Sponge larval settlement cues: the role of microbial biofilms in a warming ocean S. Whalan1 & N. S. Webster2


Received 27 August 2013 Accepted 24 January 2014 Published 12 February 2014

Correspondence and requests for materials


Marine Ecology Research Centre, School of Environment Science & Engineering, Southern Cross University, PO Box 157, Lismore, NSW, 2470, Australia, 2Australian Institute of Marine Science, PMB 3, Townsville, Qld, 4810, Australia.

Microbial biofilms play important roles in initiating settlement of marine invertebrate larvae. Given the importance of habitat selection by the motile larval phase, understanding settlement choices is critical if we are to successfully predict the population dynamics of sessile adults. Marine microbial biofilms show remarkable variability in community composition, often mediated by environmental conditions and biofilm age. To determine if biofilm communities were influenced by the time allowed to establish (age) and/ or seawater temperature, we manipulated experimental surfaces to firstly determine biofilm community composition and secondly test larval settlement responses for the abundant coral reef sponge Rhopaloeides odorabile. Microbial profiling of biofilms revealed different communities according to both age and temperature. Biofilm community composition, as a result of both elevated seawater temperature and biofilm age, contributed to settlement for sponge larvae with markedly higher numbers of larvae settling to biofilms developed over longer periods (10 d) and at temperatures 2–66C above ambient.

should be addressed to S.W. (stephen. [email protected])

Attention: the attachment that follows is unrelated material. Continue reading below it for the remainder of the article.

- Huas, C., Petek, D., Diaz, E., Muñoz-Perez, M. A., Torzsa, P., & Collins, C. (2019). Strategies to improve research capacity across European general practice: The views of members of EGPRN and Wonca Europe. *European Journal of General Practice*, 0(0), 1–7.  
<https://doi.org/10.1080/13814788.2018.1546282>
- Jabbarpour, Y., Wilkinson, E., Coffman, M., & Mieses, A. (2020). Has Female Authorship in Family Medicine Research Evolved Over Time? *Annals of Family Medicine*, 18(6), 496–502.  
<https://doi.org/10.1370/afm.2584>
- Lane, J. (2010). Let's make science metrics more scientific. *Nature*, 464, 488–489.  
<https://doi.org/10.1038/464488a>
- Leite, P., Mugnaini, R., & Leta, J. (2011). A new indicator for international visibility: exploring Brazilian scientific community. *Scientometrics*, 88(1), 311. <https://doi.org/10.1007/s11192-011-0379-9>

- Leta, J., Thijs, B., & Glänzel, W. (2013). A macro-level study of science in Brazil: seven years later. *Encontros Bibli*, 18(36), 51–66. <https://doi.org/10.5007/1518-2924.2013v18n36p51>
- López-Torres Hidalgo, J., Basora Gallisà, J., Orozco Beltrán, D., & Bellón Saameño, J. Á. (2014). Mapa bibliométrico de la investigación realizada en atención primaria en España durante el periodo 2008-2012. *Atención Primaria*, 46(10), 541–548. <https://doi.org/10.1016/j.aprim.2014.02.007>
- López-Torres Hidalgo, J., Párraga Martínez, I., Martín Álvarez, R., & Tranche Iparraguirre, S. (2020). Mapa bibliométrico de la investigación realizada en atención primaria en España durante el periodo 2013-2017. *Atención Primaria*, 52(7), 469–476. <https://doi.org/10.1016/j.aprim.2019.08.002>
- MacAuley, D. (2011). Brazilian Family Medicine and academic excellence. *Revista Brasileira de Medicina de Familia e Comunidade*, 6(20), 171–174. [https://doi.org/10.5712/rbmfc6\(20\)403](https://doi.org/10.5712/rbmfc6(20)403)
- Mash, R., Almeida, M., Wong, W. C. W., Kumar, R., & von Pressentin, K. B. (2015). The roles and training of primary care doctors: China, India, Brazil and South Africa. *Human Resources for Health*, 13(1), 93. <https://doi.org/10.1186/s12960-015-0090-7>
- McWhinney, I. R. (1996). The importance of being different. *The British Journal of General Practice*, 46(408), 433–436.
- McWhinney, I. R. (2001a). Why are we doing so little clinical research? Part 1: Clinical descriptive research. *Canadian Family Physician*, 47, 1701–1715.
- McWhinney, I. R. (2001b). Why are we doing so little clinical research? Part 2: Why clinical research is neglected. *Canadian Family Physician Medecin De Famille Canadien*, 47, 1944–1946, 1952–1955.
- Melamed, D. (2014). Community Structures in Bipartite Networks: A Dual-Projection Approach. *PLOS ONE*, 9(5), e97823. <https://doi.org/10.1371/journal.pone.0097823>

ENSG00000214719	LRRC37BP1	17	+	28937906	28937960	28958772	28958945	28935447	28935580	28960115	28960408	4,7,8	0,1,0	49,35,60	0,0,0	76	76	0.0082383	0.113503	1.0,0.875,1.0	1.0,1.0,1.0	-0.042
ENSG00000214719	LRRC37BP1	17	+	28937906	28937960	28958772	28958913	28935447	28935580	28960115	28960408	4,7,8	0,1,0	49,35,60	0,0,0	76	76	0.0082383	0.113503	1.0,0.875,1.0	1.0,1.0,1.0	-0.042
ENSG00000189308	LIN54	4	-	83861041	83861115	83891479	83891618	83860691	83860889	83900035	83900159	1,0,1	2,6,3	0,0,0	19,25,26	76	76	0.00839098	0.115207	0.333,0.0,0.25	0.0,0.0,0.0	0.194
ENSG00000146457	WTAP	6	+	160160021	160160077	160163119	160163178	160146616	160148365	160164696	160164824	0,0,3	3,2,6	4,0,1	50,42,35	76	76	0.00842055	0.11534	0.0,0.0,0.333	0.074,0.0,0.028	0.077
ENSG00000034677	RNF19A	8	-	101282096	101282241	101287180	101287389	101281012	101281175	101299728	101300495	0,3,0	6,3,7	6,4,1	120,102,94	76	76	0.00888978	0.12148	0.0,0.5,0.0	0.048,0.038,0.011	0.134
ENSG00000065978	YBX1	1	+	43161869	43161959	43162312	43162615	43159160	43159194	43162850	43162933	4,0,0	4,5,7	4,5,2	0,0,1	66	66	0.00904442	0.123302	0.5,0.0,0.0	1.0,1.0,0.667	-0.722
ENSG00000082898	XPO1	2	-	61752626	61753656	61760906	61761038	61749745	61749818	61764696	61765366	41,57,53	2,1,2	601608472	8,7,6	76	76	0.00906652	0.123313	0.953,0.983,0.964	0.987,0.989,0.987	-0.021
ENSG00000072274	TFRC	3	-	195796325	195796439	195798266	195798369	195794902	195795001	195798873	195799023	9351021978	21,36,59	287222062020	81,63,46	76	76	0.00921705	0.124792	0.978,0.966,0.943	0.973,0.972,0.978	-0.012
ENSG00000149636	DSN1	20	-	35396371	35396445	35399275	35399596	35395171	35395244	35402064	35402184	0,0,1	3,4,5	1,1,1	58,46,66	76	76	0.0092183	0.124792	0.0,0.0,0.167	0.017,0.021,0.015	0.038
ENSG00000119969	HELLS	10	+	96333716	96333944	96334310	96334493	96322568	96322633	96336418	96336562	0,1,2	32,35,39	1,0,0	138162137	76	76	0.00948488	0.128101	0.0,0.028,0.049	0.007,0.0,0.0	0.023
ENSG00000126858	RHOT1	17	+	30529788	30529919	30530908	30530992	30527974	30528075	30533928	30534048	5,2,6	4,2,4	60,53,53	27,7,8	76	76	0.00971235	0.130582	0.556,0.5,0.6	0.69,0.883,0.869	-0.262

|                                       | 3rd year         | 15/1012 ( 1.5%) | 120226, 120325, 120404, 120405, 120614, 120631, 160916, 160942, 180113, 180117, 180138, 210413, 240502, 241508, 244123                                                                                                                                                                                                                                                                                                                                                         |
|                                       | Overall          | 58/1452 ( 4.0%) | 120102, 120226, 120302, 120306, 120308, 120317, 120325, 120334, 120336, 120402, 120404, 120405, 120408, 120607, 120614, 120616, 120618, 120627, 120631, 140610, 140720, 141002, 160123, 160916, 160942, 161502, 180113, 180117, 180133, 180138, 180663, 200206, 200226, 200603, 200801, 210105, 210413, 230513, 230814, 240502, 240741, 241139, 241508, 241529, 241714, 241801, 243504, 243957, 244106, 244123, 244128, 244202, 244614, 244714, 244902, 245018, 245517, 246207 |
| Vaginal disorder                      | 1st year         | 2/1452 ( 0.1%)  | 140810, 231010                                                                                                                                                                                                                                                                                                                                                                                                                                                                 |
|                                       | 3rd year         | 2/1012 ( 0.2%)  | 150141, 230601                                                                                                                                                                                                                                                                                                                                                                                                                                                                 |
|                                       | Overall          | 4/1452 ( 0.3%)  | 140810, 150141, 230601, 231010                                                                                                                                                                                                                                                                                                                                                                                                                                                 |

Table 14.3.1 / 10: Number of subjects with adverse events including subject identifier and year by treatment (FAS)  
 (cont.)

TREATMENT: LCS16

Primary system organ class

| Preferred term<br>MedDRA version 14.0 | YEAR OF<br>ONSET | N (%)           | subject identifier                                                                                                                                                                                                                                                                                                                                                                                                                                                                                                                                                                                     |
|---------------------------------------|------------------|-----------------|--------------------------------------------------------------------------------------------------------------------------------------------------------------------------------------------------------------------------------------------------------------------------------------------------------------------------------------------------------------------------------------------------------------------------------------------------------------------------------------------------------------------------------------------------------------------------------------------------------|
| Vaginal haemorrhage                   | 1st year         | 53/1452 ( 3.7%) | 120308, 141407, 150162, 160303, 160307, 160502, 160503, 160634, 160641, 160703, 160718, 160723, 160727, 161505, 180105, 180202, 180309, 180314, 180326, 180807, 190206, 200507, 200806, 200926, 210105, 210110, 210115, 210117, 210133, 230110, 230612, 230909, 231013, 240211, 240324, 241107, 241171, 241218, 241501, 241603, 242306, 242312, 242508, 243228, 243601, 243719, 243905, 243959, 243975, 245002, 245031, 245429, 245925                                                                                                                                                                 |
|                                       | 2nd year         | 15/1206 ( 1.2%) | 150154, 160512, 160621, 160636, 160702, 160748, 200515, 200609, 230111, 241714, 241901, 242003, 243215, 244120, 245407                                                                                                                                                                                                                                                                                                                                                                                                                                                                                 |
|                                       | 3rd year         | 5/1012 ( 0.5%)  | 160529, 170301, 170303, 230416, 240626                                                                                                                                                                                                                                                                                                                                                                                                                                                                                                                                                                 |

he mobile larval phase of sessile marine invertebrates is often critical to species distributions1. Complex behavior of marine invertebrate larvae has been established for many taxa and provides a compelling case that larval settlement is far from random2,3. Mechanical and chemical reception are used by invertebrate larvae to explore and selectively engage settlement sites4,5. Recruiting to optimal habitats is essential for sessile invertebrates, as initiation of settlement (metamorphosis) is often irreversible and successful recruitment is therefore largely linked to post–settlement environmental pressures6. Microbial biofilms (biofilms) are implicated in the larval settlement of sessile invertebrates, a process established by pioneers in this field up to 7 decades ago7–9 and numerous others since2,10,11. Biofilms comprise communities of microorganisms, in addition to a matrix of extracellular polymeric compounds, which are thought to induce larval settlement12. Importantly, there are clear patterns of community succession in the composition of biofilms with bacteria being initial colonisers12–15. Development of biofilms over time involves the introduction of a diverse range of microorganisms12 under ambient environmental conditions. For marine invertebrate larval settlement, the age of biofilmed surfaces, and corresponding communities, contributes to settlement success16. Increased sea surface temperatures (SST) and storm events (disturbances) associated with global climate change (GCC) are predicted to impact marine ecosystems17,18. Biofilm community composition can change when exposed to variable environmental conditions19–22 with potential concomitant effects on larval settlement23. As temperature can directly influence the development and composition of biofilms16, elevated SST could foreseeably have cascading consequences for the production of chemical cues that induce larval settlement. However, currently we have a very limited understanding of how larval settlement is influenced by the temperature biofilms are established at. GCC is predicted to influence biofilm community composition, not only through increased temperatures24, but also by creating open space (biofilm age) due to increased disturbance events. This study therefore aims to establish the effect of temperature and age on biofilm composition and determine how that corresponds to larval settlement for the coral reef sponge, Rhopaloeides odorabile.